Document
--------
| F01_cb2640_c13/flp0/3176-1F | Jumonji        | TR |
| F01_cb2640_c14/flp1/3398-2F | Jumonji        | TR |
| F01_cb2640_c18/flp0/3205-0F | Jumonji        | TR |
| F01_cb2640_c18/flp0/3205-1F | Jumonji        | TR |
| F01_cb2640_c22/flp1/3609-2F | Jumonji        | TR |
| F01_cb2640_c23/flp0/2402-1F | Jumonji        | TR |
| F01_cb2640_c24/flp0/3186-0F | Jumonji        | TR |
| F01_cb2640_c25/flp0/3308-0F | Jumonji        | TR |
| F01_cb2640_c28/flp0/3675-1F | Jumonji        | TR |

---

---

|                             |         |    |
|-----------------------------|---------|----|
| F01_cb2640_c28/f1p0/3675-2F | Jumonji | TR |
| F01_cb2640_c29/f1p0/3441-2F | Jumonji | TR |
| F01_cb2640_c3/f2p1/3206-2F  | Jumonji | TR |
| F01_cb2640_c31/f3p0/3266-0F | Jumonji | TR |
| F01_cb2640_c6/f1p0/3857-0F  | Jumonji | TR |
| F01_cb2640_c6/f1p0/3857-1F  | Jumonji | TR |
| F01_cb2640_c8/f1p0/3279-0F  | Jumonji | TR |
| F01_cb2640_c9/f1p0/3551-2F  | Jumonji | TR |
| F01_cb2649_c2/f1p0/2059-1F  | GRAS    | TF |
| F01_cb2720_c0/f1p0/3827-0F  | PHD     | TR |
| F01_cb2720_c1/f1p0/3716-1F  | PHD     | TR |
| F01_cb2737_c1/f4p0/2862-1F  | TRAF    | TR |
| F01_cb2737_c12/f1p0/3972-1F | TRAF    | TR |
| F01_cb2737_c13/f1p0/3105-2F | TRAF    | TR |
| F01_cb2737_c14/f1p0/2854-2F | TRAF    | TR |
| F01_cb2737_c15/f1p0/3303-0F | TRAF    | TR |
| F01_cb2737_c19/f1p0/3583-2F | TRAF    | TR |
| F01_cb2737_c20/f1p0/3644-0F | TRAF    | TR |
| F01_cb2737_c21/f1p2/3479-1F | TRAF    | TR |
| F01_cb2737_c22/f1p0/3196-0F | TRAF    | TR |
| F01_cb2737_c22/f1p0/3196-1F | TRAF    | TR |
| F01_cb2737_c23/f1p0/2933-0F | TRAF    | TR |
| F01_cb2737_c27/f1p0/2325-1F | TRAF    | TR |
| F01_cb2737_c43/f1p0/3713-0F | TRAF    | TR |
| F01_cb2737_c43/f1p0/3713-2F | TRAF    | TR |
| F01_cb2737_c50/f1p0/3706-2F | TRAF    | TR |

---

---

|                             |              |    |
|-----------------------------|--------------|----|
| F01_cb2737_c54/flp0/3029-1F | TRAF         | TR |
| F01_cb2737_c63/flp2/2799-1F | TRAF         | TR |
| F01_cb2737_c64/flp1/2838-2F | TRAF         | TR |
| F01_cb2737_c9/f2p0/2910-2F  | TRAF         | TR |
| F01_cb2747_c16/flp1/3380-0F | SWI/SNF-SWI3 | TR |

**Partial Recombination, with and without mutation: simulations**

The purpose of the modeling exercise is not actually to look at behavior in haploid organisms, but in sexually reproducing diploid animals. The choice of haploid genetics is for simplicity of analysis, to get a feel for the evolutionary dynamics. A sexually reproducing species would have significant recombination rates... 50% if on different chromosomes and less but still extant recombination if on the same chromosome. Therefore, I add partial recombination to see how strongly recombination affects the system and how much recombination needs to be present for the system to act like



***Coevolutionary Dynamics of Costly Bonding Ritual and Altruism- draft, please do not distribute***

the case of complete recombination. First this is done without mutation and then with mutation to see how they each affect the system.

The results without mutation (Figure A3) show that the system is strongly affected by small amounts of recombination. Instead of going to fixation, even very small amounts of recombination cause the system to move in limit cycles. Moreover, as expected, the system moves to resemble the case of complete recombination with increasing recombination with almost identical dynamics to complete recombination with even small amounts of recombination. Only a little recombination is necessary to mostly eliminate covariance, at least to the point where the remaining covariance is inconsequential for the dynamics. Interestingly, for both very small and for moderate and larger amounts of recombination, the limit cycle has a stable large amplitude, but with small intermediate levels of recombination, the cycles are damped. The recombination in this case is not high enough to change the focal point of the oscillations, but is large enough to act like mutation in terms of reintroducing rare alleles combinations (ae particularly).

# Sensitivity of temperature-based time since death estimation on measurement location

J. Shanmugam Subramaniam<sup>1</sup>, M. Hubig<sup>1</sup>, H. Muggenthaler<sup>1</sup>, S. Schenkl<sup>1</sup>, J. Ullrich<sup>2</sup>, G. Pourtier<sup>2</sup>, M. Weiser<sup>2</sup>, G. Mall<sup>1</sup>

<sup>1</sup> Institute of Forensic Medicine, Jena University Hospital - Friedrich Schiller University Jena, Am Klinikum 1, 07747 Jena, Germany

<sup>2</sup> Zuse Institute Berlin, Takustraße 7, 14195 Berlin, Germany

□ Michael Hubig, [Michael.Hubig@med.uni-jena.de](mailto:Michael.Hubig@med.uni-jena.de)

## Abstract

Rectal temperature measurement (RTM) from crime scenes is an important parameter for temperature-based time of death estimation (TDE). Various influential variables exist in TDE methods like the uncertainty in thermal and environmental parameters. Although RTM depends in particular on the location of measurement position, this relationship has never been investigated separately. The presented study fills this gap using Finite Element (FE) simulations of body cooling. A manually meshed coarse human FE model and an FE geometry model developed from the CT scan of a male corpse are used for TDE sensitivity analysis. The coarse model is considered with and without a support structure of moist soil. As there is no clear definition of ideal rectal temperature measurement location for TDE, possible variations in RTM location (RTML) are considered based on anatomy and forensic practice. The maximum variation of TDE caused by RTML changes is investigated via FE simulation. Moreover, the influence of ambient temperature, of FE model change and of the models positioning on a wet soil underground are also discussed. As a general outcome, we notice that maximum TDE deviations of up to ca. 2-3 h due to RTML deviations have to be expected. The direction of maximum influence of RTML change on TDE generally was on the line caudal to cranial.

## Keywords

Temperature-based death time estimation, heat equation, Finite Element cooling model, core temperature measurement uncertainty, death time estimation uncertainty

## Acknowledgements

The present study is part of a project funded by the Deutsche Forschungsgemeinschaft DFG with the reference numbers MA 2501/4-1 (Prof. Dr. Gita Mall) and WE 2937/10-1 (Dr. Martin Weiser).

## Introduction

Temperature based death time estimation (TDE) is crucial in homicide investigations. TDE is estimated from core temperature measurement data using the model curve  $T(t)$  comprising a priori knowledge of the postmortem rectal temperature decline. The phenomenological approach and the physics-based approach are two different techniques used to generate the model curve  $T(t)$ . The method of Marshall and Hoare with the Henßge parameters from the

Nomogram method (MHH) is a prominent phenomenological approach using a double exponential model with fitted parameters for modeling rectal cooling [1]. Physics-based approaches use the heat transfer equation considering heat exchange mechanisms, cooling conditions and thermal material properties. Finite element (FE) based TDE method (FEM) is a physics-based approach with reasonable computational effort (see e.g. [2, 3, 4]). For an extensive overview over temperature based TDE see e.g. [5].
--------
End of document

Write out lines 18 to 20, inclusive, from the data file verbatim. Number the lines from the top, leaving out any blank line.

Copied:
| F01_cb2640_c6/f1p0/3857-0F  | Jumonji | TR |
| F01_cb2640_c6/f1p0/3857-1F  | Jumonji | TR |
| F01_cb2640_c8/f1p0/3279-0F  | Jumonji | TR |